It's official, the iPhone has gone full Nvidia. Apple rolled out the new iPhone 15 Pro yesterday and announced that it has adopted DLSS and ray tracing. OK, not actual DLSS. But Apple's smartphone now supports upscaling and hardware accelerated ray tracing, which is an awfully Nvidia-ish GPU feature set.
Specifically, the new A17 Pro SoC has what Apple claims is the biggest GPU redesign in the company's history with a heavily revised shader architecture and that hardware ray tracing support.
In the iPhone the GPU count is bumped from five to six and Apple claims 20% more performance. As for the upscaling, that's enabled by using the A17 Pro's Neural engine in parallel to the GPU. That's an approach that looks very similar on paper to Nvidia GPUs doing DLSS upscaling with help from their AI-accelerating Tensor cores.
Who cares, you might well ask? After all, who among we PC gamers takes iPhone gaming seriously? An astute point, but there is an at least somewhat intriguing addendum.
The new GPU cores in the iPhone 15 Pro's A17 Pro SoC, the ones that support upscaling and hardware ray tracing, they'll be going straight into Apple's next-gen M3 chips in its Mac computers, including MacBook laptops and the Mac Mini, Mac Studio and Mac Pro desktops. Because that's how Apple's silicon works. The M1 and M2 chips take their CPU and GPU cores straight from contemporary iPhone SoCs.
Of course, none of those rigs are exactly renowned as gaming platforms. But if nothing else it is all pretty interesting as a measure of the success of Nvidia's approach to graphics.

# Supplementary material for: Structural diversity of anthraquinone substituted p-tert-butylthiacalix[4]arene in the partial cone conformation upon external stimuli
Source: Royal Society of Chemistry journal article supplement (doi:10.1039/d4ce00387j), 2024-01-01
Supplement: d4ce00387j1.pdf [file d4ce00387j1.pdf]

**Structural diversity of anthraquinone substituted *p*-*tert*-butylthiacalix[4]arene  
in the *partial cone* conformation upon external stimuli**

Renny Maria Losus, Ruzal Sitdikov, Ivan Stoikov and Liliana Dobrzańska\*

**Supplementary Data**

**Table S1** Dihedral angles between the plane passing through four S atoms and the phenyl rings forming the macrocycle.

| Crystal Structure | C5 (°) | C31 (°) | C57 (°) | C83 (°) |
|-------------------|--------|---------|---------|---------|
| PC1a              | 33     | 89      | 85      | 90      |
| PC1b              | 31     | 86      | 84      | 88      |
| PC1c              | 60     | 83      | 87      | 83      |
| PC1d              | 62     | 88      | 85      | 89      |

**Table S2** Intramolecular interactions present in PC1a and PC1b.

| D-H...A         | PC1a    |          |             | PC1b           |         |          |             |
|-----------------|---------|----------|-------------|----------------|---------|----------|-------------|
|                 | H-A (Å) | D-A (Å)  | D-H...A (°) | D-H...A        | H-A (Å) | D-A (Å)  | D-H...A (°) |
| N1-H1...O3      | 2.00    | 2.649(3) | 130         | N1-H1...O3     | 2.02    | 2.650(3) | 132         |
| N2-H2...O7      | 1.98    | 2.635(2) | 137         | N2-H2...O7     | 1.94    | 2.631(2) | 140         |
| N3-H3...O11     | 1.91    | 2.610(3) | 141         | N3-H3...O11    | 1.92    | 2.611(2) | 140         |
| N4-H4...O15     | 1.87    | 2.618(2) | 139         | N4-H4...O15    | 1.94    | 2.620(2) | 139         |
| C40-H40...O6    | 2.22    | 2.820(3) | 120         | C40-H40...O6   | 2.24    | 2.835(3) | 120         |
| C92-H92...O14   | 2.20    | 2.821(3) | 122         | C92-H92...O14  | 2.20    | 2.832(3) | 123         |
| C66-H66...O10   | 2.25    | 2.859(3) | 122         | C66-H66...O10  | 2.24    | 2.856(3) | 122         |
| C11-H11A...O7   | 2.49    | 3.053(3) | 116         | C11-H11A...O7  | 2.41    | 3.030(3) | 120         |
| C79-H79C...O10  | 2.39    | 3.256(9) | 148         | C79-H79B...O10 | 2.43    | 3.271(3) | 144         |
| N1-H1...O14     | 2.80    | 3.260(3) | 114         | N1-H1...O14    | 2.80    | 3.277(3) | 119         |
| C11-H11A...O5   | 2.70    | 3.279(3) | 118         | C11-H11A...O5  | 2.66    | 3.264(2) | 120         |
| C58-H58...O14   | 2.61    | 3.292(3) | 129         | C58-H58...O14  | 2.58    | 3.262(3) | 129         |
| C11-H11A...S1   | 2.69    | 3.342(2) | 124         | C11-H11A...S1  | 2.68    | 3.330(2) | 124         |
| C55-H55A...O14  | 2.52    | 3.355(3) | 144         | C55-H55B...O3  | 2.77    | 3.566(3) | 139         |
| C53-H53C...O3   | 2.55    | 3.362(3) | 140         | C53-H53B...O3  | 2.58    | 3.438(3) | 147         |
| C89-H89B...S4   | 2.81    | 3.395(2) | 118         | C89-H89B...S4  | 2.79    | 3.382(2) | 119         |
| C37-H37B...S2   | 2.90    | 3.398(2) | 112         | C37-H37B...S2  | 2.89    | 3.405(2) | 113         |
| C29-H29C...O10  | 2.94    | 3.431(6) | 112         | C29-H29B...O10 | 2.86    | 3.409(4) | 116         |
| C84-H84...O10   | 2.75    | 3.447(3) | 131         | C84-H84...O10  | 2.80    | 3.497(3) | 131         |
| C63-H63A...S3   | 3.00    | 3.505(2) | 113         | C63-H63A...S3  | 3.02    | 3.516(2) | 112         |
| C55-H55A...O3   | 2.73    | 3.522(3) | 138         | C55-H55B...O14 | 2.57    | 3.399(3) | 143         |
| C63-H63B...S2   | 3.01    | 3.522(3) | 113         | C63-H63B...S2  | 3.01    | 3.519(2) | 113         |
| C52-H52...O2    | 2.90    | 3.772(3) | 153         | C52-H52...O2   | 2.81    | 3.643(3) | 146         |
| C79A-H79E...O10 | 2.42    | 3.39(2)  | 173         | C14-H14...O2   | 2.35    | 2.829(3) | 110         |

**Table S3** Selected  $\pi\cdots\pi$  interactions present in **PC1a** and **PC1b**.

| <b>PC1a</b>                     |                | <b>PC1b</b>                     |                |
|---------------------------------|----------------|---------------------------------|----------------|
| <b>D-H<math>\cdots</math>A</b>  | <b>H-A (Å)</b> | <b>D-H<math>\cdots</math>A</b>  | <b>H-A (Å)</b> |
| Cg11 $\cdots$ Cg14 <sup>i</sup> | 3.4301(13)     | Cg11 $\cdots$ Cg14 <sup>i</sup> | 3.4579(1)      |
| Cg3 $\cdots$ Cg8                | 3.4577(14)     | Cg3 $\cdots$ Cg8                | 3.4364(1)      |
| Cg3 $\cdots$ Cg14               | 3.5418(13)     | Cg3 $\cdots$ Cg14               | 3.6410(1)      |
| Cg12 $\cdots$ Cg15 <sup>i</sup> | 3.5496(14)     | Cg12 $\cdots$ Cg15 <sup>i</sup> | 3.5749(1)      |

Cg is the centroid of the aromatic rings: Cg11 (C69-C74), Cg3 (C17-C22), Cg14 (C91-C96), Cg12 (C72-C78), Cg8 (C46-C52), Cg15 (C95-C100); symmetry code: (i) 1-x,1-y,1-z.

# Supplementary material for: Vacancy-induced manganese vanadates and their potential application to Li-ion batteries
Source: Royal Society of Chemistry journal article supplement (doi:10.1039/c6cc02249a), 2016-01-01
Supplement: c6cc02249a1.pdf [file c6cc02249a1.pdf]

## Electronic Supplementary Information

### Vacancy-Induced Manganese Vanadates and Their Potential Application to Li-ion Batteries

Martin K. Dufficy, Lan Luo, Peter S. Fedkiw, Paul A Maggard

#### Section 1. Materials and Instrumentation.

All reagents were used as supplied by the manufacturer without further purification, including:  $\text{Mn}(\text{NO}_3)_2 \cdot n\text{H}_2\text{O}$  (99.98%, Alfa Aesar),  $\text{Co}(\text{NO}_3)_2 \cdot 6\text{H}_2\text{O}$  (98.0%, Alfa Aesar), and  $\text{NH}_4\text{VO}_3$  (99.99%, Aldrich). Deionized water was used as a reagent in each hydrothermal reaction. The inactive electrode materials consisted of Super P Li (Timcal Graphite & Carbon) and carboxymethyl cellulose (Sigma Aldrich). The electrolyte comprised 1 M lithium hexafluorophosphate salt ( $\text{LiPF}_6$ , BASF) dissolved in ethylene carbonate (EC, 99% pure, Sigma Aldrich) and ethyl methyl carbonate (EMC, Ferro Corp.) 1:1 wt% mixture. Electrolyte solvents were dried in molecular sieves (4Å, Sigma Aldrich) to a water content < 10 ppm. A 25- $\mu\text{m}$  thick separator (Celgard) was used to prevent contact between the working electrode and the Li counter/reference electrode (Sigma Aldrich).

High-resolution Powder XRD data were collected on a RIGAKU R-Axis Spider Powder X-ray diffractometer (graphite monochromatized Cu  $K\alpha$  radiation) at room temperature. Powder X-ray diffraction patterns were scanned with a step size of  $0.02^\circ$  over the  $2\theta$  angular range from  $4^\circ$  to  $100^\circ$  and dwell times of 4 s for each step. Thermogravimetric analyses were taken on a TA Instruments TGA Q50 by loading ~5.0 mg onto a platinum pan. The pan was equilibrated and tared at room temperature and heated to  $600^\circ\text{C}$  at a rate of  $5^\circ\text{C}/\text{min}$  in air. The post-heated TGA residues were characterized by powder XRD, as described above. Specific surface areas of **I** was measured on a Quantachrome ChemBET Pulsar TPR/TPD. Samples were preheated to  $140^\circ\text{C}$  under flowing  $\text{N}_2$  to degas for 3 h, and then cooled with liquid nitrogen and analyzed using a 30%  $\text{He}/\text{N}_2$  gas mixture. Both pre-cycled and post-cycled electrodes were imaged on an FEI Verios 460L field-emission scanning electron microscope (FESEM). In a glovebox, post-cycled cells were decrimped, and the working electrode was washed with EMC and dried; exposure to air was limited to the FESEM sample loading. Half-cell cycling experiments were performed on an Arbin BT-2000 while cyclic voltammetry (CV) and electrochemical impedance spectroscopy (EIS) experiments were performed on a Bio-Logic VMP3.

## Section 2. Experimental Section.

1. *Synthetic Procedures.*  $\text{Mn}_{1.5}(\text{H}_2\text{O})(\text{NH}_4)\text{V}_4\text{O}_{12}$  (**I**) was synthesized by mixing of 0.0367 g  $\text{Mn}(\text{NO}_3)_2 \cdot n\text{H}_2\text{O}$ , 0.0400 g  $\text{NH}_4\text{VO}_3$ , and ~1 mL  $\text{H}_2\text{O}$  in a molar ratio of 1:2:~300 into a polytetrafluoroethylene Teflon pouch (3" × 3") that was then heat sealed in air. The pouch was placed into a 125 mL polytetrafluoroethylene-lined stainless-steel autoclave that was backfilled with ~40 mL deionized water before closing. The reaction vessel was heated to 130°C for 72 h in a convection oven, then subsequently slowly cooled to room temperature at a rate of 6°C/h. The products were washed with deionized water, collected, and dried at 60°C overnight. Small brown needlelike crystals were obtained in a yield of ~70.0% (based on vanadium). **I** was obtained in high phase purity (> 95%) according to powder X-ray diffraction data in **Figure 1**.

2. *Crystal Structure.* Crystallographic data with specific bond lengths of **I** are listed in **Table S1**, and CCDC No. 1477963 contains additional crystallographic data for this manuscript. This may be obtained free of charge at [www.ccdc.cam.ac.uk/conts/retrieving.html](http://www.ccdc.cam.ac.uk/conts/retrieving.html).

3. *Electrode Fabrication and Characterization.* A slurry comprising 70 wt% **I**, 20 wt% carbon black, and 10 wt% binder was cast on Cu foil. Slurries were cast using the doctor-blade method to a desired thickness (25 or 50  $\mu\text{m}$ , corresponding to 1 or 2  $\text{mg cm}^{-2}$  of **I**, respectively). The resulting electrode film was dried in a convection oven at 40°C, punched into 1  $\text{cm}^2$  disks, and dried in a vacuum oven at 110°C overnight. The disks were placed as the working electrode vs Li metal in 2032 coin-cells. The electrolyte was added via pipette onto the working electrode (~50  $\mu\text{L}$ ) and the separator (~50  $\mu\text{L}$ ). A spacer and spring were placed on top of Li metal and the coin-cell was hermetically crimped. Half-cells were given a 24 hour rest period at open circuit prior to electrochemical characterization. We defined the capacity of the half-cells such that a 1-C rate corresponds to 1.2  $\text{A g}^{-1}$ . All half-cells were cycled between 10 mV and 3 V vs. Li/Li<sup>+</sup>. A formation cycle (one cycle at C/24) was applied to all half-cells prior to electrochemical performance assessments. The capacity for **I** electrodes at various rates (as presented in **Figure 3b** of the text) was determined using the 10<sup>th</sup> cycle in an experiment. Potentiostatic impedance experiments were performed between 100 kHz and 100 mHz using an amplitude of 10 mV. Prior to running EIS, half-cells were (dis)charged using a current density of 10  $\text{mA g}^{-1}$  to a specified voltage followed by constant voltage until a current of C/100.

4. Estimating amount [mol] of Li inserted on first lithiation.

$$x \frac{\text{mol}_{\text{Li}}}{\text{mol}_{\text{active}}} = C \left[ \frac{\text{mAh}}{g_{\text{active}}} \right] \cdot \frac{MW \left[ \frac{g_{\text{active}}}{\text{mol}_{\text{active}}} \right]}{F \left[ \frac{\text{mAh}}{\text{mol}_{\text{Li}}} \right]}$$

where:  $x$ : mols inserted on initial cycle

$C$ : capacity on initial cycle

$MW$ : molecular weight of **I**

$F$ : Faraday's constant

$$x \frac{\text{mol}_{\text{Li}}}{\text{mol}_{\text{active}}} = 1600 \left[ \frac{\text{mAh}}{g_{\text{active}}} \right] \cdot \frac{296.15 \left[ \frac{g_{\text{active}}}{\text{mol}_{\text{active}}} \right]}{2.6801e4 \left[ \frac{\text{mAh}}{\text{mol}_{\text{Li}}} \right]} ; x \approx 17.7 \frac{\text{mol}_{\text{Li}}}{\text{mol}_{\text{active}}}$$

Put it this way. If you had to define what makes Nvidia's PC gaming GPUs stand out as succinctly as possible, you'd say ray tracing and upscaling. And those two technologies are now seen as so essential, they've gone into the iPhone.
Does any of this signal that iPhones or indeed Macs are set to become serious gaming machines? Probably not. Apple's M1 and M2 chips have had very good GPUs since the original M1 launched back in 2020, but the Mac hasn't really progressed as a gaming platform as a consequence.
So, it's a stretch to think upscaling and ray tracing will make the difference. But these technical revisions do mean that Apple Macs will have the hardware potential for a good gaming experience.
It's just a question of whether Apple wants to put in the effort on the ecosystem and software side to make it happen. Apple's game porting Toolkit certainly looks like a step in the right direction. But thus far, Apple hasn't made a really convincing effort to make gaming on Macs a genuine thing, whatever the merits of the graphics hardware it offers.